Does not have a media attribute that matches the user's device.

Ahah! The stylesheets are linked with the attribute media=“all” which means both the print and screen styles are loaded all the time. By being more specific with the media attribute on the <llink> tags, the styleshseets will no longer be render-blocking. I can easily clean this up by making some small changes to the theme's .info file:

stylesheets[all][] = css/normalize.css
stylesheets[all][] = css/main.css
stylesheets[all][] = css/base.css
stylesheets[all][] = css/skeleton.css
stylesheets[all][] = css/menu.css
stylesheets[all][] = css/portfolio.css

Changing these from media “all” to media “screen” should help. Also, I have all my print styles wrapped in one print media query in main.css, so I’ll move those to a new file called print.css and update the theme .info file accordingly:

stylesheets[screen][] = css/normalize.css
stylesheets[screen][] = css/main.css
stylesheets[screen][] = css/base.css
stylesheets[screen][] = css/skeleton.css
stylesheets[screen][] = css/menu.css
stylesheets[screen][] = css/portfolio.css
stylesheets[print][] = css/print.css

There’s also one CSS file loaded remotely from Google Fonts. That one isn’t in the theme .info file, instead it’s being added via PHP, so I need to address it there so that it also is set with the media type. This one is the web fonts, which are needed both for screen and print, so I'll set the media type accordingly when I add it to Drupal's list of CSS files for the page:

//Add fonts from Google CDN
drupal_add_css('http://fonts.googleapis.com/css?family=Source+Sans+Pro:400,600,400italic|Open+Sans:300', array('type' => 'external'));

Becomes:

//Add fonts from Google CDN
drupal_add_css(
  'http://fonts.googleapis.com/css?family=Source+Sans+Pro:400,600,400italic|Open+Sans:300',
  array(
    'type' => 'external',
    'media' => 'screen or print'
  )
);

Aggregating CSS and JS

Built-in to Drupal is a feature that combines Javascript and CSS files based on the contents of what's on a specific page. The idea is that if the indivudal asset files are small, then Drupal can dynamically combine only the ones necessary for the page, reducing the number of HTTP request,s and preventing scripts and CSS from existing on pages where they could cause conflicts. However the built in aggregation is simply not very aggressive. It prefers the approach of letting these files be highly reusable across pages. That improves multipage browsing, but at a significant cost to the first page load since there are many more HTTP requests being made for individual files. Given that most of my traffic doesn't proceed past one or tow pages, it's pretty clear that first page load is a more improtant performance impact than subsequent page browsing.

There is a Drupal module for Advanced CS/JSS Aggregation which provides more granular controls and aggressive caching mechanisms than the out-of-box concatenation and caching. Install it via the modules manager, and then enable it:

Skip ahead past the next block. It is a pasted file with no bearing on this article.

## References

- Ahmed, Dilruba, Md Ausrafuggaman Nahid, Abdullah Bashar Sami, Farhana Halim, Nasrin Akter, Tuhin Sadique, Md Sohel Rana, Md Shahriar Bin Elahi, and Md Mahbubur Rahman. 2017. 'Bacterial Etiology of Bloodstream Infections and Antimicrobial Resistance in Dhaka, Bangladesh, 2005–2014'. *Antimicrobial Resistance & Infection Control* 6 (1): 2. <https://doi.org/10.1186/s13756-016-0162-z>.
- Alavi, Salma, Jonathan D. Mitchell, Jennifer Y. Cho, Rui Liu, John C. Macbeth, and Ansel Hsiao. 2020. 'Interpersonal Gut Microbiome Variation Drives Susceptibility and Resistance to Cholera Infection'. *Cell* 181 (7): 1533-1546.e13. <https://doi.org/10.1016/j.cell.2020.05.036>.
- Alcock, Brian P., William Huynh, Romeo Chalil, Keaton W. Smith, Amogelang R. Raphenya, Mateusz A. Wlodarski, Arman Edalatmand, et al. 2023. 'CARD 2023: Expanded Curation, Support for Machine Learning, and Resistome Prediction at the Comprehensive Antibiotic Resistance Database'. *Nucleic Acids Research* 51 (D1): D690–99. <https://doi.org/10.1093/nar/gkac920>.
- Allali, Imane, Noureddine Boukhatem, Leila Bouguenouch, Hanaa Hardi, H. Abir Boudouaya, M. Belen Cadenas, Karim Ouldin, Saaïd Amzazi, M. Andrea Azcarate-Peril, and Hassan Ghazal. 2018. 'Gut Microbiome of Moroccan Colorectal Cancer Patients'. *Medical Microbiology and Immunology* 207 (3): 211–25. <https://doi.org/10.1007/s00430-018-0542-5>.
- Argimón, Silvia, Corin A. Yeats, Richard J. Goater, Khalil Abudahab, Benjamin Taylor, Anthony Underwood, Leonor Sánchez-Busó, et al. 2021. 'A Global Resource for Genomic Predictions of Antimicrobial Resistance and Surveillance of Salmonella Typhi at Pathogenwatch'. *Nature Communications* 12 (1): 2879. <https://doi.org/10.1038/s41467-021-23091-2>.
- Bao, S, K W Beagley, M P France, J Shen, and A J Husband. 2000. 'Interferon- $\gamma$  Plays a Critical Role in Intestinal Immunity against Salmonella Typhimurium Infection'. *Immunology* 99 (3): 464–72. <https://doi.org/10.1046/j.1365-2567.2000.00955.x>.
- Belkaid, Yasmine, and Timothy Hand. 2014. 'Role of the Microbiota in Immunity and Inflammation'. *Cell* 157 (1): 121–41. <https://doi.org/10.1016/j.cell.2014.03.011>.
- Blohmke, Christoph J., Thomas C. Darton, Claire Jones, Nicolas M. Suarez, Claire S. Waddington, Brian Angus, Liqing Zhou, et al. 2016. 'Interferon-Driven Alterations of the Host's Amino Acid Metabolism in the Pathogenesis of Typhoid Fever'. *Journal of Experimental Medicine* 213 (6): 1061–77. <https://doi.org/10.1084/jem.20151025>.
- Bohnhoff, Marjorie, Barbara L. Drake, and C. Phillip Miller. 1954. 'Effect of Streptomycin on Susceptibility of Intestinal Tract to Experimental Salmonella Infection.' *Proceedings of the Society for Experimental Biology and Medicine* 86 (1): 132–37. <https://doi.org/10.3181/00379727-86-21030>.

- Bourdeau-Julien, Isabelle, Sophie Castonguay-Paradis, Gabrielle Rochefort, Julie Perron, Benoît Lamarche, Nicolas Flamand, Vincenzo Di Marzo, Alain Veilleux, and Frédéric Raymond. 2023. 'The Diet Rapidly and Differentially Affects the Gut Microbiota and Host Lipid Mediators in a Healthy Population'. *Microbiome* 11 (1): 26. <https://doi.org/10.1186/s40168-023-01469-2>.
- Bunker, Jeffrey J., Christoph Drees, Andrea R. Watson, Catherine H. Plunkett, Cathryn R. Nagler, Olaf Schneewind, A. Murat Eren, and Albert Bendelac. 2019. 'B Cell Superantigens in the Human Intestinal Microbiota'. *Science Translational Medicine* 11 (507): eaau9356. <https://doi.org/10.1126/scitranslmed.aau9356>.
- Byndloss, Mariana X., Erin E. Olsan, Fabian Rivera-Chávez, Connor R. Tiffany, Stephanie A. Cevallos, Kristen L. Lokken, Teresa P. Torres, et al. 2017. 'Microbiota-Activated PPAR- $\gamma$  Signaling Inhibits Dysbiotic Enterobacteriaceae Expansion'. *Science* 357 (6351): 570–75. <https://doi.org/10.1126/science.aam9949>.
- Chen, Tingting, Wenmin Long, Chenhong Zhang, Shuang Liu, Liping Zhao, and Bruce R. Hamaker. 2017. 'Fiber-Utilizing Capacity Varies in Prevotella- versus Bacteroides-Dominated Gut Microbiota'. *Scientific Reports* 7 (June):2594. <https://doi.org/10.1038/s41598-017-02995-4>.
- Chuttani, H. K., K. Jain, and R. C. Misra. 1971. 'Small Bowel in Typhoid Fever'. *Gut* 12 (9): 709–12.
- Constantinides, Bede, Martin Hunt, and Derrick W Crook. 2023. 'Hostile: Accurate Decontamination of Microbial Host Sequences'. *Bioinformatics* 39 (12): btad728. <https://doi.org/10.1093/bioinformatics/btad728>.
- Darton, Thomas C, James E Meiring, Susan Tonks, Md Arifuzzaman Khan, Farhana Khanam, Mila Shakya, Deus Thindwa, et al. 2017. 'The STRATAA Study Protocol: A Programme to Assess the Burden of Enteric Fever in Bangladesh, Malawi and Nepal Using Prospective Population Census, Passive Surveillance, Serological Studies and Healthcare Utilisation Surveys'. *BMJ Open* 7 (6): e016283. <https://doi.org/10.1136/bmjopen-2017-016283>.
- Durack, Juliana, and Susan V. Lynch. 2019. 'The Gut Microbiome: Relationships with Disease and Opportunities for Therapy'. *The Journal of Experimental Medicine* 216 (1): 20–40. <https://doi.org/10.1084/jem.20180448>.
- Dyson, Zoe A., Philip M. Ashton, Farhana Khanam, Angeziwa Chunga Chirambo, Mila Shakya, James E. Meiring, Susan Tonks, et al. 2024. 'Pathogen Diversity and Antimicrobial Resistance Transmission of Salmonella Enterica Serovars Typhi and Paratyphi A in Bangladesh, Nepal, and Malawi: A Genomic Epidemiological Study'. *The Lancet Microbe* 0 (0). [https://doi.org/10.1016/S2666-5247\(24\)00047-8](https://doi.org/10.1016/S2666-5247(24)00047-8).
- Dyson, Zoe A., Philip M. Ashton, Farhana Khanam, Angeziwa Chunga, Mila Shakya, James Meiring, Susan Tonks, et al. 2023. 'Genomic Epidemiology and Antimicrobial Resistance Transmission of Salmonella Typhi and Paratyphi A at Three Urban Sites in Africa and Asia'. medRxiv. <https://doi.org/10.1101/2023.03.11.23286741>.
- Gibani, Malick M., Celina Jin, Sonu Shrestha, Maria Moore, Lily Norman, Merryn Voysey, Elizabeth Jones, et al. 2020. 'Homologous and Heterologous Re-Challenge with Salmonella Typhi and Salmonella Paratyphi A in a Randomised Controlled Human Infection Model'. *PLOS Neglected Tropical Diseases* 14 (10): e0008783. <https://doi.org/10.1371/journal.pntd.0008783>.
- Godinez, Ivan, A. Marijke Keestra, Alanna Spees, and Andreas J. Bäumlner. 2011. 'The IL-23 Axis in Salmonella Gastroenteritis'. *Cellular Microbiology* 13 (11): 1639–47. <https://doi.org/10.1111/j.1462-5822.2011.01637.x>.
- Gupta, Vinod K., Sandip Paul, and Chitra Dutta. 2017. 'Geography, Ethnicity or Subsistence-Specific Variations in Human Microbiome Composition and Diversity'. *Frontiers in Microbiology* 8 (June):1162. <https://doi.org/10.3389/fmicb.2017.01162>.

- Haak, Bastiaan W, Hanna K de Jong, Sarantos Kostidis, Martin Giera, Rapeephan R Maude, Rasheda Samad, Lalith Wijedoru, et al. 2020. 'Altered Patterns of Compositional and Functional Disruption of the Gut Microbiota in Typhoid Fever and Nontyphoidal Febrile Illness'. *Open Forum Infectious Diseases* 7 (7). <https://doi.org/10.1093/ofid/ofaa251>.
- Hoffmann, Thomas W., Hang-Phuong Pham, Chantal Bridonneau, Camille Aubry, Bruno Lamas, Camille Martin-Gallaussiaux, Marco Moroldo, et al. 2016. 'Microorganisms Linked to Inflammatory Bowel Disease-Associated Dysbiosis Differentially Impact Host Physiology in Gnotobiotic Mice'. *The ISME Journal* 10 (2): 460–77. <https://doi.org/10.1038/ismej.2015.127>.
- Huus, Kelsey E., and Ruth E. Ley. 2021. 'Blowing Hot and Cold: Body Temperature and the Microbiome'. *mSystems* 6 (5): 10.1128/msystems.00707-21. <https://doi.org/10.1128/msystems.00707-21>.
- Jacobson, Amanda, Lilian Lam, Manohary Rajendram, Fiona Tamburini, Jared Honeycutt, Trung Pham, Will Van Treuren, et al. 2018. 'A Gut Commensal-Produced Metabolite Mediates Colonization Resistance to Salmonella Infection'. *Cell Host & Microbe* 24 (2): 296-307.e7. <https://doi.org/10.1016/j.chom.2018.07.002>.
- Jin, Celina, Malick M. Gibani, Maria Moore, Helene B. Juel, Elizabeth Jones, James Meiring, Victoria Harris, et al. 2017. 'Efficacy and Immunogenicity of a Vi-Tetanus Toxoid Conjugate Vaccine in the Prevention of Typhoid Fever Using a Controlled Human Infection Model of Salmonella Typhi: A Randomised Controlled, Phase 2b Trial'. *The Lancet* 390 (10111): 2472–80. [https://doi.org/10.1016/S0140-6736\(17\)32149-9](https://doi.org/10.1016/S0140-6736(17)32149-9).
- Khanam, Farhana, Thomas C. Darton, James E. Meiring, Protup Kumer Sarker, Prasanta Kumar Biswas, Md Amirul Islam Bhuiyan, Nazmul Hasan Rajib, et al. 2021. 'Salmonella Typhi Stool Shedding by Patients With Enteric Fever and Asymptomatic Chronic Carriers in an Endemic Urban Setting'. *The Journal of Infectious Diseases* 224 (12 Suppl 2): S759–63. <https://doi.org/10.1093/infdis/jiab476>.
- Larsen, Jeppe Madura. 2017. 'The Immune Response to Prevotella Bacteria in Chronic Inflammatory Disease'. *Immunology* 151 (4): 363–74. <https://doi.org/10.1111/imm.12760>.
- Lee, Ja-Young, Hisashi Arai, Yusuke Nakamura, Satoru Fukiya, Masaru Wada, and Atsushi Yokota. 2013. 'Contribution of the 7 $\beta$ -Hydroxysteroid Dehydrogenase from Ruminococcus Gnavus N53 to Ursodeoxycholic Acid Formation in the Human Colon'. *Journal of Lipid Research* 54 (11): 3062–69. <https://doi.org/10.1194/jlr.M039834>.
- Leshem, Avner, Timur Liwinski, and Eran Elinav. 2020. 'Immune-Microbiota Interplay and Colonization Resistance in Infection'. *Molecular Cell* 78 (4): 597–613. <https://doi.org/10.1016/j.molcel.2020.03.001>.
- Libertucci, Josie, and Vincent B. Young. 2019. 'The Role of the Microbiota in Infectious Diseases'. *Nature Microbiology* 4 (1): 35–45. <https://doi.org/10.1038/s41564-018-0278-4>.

Then in the configuration for the module, let's enable some features:

  1. Use Customized Settings - Since my site isn't HTTP2, I want to get more fine grained than the defaults
  2. Bundler is Active - Enable this, or else why even both installing the module?
  3. Target Number Of CSS Bundles Per Page - Since I don't have a lot of blocks or other reusable elements, I can get away with very few generated files. I set this to 2. The lower it is set, the better the initial page load performance will be, but the higher the likelyhood that visitors will need to download page-specific files as they navigate across multiple pages of your site.
  4. Target Number Of JS Bundles Per Page - Same idea, but for Javascript instead of CSS. I set this to 1.

As usual, flush all the caches, and let's run the Lighthouse audit again:

Nice! Just enabling this plugin reduced 2 render-blocking requests by combining them! However, Lighthouse is now warning that my Javascript is no longer compressed like it was when using the out-of-box concatenation provided by Drupal:

To fix this, enable the plugins included AdvAgg Compress Javascript and AdvAgg Compress CSS:

Set the configuration for each. For the CSS compression module I want:

  1. Compressor: Core - I don't want to use YUI because I don't want to download the library, and because it is an ancient compressor that's buggy with modern files.
  2. Inline Compression: Disabled

​For the JS compression module I want:

  1. Compressor: JSqueeze - This is the fastest that doesn't require reconfiguring the server
  2. Inline Compressor: JSQueeze

​There's a bunch more options in the main module if you choose "Use Customized Settings", but those may impact site behavior, so I'll go through them later with more granularity when I can test specific outcomes. In the meantime, just these basic straightforward settings have made significant performance improvements to this Drupal site.